NASA releases the most detailed elevation map of the Moon ever

Illustration for article titled NASA releases the most detailed elevation map of the Moon ever

Thanks to the Lunar Reconnaissance Orbiter, we can now see the Moon's mountains and craters in unprecedented detail. This beautiful topographic map is going to be an invaluable resource in planning the next generation of lunar missions.

The map covers about 98.2% of the lunar surface, with the sole exception of some eternally dark polar regions that the Lunar Reconnaissance Orbiter couldn't photograph. Despite the fact that we've been visiting the Moon for a half-century, our knowledge of its topography has been frustratingly inexact, mostly because previous instruments just weren't up to the task of precisely measuring every last inch of the lunar surface.

Illustration for article titled NASA releases the most detailed elevation map of the Moon ever

NASA's Lunar Reconnaissance Orbiter hasn't quite gone down to the last inch, but it's a pretty good approximation - every pixel in this image represents about 100 square meters, the equivalent of two football fields placed next to each other. That level of detail is a huge jump forward in our knowledge of the Moon's topography, and this new knowledge will be vital to planning out future probes and hopefully crewed missions. You can see a more complete view of the Moon by expanding the image on the left, which shows the complete topography of the far side of the Moon.

LRO scientist Mark Robinson explains:

"Our new topographic view of the moon provides the dataset that lunar scientists have waited for since the Apollo era. We can now determine slopes of all major geologic terrains on the moon at 100 meter scale. Determine how the crust has deformed, better understand impact crater mechanics, investigate the nature of volcanic features, and better plan future robotic and human missions to the moon."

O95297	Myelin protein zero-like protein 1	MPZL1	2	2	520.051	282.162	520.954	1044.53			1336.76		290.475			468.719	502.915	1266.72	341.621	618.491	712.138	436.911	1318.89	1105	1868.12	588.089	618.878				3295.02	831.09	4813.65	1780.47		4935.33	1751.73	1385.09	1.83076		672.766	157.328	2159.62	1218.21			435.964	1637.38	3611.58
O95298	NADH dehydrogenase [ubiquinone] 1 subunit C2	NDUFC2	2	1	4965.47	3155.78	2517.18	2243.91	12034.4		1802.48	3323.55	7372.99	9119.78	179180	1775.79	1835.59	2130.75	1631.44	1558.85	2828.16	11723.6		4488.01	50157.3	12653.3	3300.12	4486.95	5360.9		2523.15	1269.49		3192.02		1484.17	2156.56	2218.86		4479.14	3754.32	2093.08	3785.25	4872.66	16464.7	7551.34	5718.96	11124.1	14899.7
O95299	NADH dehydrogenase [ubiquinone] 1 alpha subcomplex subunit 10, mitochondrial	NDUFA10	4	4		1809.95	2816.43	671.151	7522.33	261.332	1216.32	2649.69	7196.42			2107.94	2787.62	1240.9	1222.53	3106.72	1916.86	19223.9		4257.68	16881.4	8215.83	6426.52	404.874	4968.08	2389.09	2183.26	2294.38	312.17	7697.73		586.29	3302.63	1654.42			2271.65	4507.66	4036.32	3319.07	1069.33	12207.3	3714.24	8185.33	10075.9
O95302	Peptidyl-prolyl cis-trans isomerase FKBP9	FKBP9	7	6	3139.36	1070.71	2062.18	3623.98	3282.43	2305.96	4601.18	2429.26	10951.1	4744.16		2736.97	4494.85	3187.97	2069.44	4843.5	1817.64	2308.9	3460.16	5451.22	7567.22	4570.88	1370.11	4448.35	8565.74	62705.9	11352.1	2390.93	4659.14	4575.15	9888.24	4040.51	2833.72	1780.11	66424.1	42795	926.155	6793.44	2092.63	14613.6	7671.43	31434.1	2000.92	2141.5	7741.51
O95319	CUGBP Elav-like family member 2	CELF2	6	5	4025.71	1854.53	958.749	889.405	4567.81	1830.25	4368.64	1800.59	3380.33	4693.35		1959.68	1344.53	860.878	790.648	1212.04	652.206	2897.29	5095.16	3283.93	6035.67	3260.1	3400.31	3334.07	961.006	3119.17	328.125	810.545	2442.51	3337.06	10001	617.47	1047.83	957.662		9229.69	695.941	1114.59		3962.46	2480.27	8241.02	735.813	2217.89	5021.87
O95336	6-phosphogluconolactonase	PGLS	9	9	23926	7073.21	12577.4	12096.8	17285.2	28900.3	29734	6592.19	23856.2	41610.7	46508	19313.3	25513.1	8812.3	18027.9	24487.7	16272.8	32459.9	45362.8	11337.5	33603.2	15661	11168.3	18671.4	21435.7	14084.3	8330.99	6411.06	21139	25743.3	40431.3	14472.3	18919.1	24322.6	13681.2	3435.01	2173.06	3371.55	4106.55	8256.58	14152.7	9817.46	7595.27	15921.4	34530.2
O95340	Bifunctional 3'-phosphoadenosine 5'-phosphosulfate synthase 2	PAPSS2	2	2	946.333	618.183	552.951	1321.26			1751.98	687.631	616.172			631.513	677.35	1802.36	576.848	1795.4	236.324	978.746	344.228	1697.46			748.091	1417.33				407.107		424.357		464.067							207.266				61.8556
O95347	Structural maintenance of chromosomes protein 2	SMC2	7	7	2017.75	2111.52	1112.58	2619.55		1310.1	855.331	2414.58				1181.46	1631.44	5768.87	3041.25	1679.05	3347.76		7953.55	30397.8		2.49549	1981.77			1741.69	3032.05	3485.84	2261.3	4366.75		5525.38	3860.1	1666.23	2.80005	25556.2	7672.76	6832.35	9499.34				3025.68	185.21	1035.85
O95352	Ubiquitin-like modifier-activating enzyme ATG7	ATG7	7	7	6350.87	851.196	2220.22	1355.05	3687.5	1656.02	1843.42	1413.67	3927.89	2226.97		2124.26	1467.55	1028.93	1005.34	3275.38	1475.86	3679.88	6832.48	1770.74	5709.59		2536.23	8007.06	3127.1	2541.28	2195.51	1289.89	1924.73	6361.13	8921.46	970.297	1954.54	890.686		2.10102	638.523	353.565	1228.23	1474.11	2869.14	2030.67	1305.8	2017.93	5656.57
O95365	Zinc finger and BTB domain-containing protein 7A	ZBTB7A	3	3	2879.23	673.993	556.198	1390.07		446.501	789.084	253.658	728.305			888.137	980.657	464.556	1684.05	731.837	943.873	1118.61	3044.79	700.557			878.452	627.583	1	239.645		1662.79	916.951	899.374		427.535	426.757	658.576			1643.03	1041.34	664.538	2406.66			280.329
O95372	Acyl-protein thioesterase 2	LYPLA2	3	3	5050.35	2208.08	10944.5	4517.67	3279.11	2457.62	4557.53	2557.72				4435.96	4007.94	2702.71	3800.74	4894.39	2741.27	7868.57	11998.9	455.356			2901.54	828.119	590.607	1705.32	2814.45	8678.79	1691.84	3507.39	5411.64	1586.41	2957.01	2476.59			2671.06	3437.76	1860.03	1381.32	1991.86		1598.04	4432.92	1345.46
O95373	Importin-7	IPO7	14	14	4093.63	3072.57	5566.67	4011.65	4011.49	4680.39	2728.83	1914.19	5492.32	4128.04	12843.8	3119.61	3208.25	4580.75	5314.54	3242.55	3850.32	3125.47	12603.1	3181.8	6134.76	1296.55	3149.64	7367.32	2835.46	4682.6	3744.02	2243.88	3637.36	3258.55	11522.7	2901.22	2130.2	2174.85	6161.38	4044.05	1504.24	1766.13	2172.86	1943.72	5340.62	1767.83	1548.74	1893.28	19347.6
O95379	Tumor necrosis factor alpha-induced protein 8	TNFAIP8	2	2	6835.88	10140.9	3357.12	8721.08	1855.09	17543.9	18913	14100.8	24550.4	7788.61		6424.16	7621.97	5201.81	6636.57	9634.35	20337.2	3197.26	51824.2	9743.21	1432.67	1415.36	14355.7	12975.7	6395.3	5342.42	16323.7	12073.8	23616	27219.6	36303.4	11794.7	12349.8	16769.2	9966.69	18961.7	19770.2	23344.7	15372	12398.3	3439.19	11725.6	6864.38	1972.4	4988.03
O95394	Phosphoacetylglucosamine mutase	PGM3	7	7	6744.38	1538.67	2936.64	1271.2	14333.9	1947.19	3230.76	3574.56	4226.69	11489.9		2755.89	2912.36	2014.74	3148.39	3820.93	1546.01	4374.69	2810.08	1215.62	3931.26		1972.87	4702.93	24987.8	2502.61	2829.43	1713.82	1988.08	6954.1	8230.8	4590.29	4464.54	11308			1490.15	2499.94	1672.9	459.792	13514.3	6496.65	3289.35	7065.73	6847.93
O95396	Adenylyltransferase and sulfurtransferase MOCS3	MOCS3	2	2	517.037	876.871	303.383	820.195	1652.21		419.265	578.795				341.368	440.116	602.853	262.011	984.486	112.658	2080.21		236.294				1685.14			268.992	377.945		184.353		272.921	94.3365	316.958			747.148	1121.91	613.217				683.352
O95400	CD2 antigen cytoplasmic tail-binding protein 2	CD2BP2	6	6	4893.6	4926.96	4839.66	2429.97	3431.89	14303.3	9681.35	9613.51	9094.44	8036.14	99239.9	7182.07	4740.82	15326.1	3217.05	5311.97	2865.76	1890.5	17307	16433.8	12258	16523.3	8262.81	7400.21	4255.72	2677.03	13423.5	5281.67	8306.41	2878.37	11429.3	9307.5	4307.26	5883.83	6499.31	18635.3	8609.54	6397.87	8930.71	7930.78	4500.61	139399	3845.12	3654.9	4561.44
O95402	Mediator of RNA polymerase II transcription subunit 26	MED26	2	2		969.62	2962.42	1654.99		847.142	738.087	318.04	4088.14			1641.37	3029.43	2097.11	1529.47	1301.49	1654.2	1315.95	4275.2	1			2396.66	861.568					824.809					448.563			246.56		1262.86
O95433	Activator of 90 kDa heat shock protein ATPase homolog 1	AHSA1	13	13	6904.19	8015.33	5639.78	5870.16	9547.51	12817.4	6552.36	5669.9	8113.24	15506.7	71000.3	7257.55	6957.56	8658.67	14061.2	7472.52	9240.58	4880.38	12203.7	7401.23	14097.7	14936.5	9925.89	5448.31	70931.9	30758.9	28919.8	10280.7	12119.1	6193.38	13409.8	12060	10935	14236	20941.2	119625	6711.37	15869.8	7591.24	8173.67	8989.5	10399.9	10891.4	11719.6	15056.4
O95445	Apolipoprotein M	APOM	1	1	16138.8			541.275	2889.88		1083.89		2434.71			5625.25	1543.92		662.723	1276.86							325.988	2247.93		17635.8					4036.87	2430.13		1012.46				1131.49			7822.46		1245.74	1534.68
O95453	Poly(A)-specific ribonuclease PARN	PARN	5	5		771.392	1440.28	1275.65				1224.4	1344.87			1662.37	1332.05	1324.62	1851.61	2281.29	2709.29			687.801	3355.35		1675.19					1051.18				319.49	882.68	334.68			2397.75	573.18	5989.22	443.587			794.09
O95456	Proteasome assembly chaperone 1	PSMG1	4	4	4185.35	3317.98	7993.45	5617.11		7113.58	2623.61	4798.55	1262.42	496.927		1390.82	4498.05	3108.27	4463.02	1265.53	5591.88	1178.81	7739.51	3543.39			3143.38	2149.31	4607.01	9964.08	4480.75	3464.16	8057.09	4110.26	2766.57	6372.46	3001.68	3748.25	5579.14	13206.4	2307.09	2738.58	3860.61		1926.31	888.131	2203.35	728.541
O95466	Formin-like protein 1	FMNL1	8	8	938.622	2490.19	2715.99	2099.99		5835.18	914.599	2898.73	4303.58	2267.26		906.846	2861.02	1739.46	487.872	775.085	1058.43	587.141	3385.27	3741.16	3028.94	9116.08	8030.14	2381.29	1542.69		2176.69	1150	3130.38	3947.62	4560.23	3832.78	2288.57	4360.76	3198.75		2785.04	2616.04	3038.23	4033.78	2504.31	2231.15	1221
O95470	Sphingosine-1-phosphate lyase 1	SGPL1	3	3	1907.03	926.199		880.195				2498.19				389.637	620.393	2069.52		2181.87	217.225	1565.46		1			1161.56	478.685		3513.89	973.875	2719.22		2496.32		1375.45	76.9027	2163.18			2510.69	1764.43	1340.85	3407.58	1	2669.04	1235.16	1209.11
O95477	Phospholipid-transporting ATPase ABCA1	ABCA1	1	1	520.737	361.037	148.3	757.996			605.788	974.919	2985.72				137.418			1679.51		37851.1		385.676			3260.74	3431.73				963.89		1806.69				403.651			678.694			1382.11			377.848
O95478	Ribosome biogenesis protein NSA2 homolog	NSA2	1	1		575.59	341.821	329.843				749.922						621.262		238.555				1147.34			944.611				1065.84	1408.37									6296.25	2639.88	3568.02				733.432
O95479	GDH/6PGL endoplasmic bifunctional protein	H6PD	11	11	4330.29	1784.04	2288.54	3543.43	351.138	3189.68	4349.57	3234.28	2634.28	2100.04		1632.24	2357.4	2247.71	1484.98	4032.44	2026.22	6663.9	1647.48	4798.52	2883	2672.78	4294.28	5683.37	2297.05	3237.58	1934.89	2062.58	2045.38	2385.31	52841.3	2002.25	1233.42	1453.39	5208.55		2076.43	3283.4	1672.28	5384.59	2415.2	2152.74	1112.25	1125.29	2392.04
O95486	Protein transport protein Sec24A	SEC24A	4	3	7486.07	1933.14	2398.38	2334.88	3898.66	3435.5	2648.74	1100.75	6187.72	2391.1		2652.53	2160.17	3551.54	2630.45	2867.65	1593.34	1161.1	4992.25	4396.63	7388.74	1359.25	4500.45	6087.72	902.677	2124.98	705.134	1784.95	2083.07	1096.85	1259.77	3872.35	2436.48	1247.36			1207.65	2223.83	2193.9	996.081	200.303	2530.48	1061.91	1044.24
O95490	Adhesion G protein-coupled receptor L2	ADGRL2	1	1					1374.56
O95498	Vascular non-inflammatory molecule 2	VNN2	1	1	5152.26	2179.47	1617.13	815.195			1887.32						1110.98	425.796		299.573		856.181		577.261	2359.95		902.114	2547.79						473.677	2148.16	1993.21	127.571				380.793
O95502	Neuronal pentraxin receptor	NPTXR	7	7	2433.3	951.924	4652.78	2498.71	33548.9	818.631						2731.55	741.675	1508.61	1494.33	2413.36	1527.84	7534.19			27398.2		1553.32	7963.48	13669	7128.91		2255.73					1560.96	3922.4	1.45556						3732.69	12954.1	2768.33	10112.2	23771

So how did the satellite create the map? The LRO's Wide Angle Camera, or WAC, worked in tandem with two Narrow Angle Cameras, or NACs. While the NACs take high-resolution shots over small areas, the WAC takes 100-meter resolution images in seven different color bands over an area of the moon covering roughly 57 kilometers. For all its imaging power, the WAC itself is a tiny instrument, small enough to fit into your hand.

The WAC completely maps the Moon about once a month, and because light conditions keep changing, each time the WAC is able to capture more information about how the rocks reflect light under different conditions. The WAC's photos contain substantial overlap, offering multiple views of each patch of the Moon. This allows the LRO's imaging system to resolve the terrain and create the topographic map with an extremely high degree of confidence.


While the WAC can't take photos of the darkest polar regions, there's another instrument on the Lunar Reconnaissance Orbiter that can help out. This is the Lunar Orbiter Laser Altimeter, which as you can probably guess from its name bounces lasers off the surface to determine elevation. Since the Lunar Reconnaissance Orbiter frequently passes over the poles, it's been able to fill in a lot of the gaps in the WAC's original topographic map.

The original grayscale image has of course been colored in to more clearly reveal the different altitudes, which can range 10,000 feet above and below the lunar surface, thanks to all of the Moon's many tall mountains and deep craters. For many more awesome views of the Moon's topography, check out Arizona State's project page.



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Below? Below what exactly? Some mean value maybe?